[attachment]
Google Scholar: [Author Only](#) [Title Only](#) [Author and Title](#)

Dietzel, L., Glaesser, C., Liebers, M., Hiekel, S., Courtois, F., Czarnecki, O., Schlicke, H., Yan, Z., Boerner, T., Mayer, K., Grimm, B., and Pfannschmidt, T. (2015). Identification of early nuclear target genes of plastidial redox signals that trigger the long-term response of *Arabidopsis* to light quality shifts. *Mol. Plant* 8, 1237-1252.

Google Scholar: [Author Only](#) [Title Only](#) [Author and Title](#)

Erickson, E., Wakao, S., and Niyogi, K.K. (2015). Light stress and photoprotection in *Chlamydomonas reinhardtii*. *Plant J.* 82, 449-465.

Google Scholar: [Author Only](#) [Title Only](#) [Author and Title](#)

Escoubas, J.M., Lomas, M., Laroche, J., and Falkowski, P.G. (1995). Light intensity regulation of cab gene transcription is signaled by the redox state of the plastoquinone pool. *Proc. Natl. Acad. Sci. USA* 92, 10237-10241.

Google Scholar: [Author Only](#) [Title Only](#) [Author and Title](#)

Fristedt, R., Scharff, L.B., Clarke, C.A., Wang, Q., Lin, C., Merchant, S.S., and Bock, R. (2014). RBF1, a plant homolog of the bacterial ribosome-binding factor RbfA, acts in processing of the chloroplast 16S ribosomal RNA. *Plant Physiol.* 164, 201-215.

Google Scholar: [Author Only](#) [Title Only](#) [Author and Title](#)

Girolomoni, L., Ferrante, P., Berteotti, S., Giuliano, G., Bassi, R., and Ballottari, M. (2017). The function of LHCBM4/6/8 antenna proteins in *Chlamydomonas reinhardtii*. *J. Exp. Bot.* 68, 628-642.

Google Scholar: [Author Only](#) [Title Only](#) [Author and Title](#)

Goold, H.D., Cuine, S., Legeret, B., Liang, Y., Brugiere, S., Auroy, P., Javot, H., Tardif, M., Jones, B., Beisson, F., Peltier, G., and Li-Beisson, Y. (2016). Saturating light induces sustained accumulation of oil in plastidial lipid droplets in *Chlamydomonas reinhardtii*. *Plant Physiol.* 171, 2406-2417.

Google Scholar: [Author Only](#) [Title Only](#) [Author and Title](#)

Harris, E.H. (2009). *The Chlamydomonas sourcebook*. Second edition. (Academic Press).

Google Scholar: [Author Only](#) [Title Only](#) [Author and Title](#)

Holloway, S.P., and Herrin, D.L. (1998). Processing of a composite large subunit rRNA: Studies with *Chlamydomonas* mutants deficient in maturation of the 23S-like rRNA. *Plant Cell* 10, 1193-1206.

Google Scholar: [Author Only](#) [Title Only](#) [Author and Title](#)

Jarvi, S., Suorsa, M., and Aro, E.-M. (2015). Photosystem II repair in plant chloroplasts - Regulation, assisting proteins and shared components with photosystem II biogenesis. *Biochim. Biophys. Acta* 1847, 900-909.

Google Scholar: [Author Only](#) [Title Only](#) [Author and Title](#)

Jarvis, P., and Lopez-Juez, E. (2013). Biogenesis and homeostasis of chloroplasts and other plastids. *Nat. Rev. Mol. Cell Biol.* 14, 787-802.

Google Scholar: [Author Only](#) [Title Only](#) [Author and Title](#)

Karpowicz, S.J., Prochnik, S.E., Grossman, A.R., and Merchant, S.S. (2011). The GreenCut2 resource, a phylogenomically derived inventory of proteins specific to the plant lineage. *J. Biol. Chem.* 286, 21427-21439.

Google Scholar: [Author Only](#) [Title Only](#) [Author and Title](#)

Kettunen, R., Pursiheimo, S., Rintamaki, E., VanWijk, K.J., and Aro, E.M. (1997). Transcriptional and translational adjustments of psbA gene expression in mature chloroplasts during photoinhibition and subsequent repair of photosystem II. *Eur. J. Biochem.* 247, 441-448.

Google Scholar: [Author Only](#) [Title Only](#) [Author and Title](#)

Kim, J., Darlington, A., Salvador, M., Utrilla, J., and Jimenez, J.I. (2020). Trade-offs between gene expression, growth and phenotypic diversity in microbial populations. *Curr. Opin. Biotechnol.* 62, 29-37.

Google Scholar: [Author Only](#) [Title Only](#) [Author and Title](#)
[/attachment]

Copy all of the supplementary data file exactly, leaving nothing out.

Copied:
Google Scholar: [Author Only](#) [Title Only](#) [Author and Title](#)

Dietzel, L., Glaesser, C., Liebers, M., Hiekel, S., Courtois, F., Czarnecki, O., Schlicke, H., Yan, Z., Boerner, T., Mayer, K., Grimm, B., and Pfannschmidt, T. (2015). Identification of early nuclear target genes of plastidial redox signals that trigger the long-term response of *Arabidopsis* to light quality shifts. *Mol. Plant* 8, 1237-1252.

Google Scholar: [Author Only](#) [Title Only](#) [Author and Title](#)

Erickson, E., Wakao, S., and Niyogi, K.K. (2015). Light stress and photoprotection in *Chlamydomonas reinhardtii*. *Plant J.* 82, 449-465.

Google Scholar: [Author Only](#) [Title Only](#) [Author and Title](#)

Escoubas, J.M., Lomas, M., Laroche, J., and Falkowski, P.G. (1995). Light intensity regulation of cab gene transcription is signaled by the redox state of the plastoquinone pool. *Proc. Natl. Acad. Sci. USA* 92, 10237-10241.

Google Scholar: [Author Only](#) [Title Only](#) [Author and Title](#)

Fristedt, R., Scharff, L.B., Clarke, C.A., Wang, Q., Lin, C., Merchant, S.S., and Bock, R. (2014). RBF1, a plant homolog of the bacterial ribosome-binding factor RbfA, acts in processing of the chloroplast 16S ribosomal RNA. *Plant Physiol.* 164, 201-215.

Google Scholar: [Author Only](#) [Title Only](#) [Author and Title](#)

Girolomoni, L., Ferrante, P., Berteotti, S., Giuliano, G., Bassi, R., and Ballottari, M. (2017). The function of LHCBM4/6/8 antenna proteins in *Chlamydomonas reinhardtii*. *J. Exp. Bot.* 68, 628-642.

Google Scholar: [Author Only](#) [Title Only](#) [Author and Title](#)

Goold, H.D., Cuine, S., Legeret, B., Liang, Y., Brugiere, S., Auroy, P., Javot, H., Tardif, M., Jones, B., Beisson, F., Peltier, G., and Li-Beisson, Y. (2016). Saturating light induces sustained accumulation of oil in plastidial lipid droplets in *Chlamydomonas reinhardtii*. *Plant Physiol.* 171, 2406-2417.

Google Scholar: [Author Only](#) [Title Only](#) [Author and Title](#)

Harris, E.H. (2009). *The Chlamydomonas sourcebook*. Second edition. (Academic Press).

Google Scholar: [Author Only](#) [Title Only](#) [Author and Title](#)

Holloway, S.P., and Herrin, D.L. (1998). Processing of a composite large subunit rRNA: Studies with *Chlamydomonas* mutants deficient in maturation of the 23S-like rRNA. *Plant Cell* 10, 1193-1206.

Google Scholar: [Author Only](#) [Title Only](#) [Author and Title](#)

Jarvi, S., Suorsa, M., and Aro, E.-M. (2015). Photosystem II repair in plant chloroplasts - Regulation, assisting proteins and shared components with photosystem II biogenesis. *Biochim. Biophys. Acta* 1847, 900-909.

Google Scholar: [Author Only](#) [Title Only](#) [Author and Title](#)

Jarvis, P., and Lopez-Juez, E. (2013). Biogenesis and homeostasis of chloroplasts and other plastids. *Nat. Rev. Mol. Cell Biol.* 14, 787-802.

Google Scholar: [Author Only](#) [Title Only](#) [Author and Title](#)

Karpowicz, S.J., Prochnik, S.E., Grossman, A.R., and Merchant, S.S. (2011). The GreenCut2 resource, a phylogenomically derived inventory of proteins specific to the plant lineage. *J. Biol. Chem.* 286, 21427-21439.

Google Scholar: [Author Only](#) [Title Only](#) [Author and Title](#)

Kettunen, R., Pursiheimo, S., Rintamaki, E., VanWijk, K.J., and Aro, E.M. (1997). Transcriptional and translational adjustments of psbA gene expression in mature chloroplasts during photoinhibition and subsequent repair of photosystem II. *Eur. J. Biochem.* 247, 441-448.

Google Scholar: [Author Only](#) [Title Only](#) [Author and Title](#)

Kim, J., Darlington, A., Salvador, M., Utrilla, J., and Jimenez, J.I. (2020). Trade-offs between gene expression, growth and phenotypic diversity in microbial populations. *Curr. Opin. Biotechnol.* 62, 29-37.

Google Scholar: [Author Only](#) [Title Only](#) [Author and Title](#)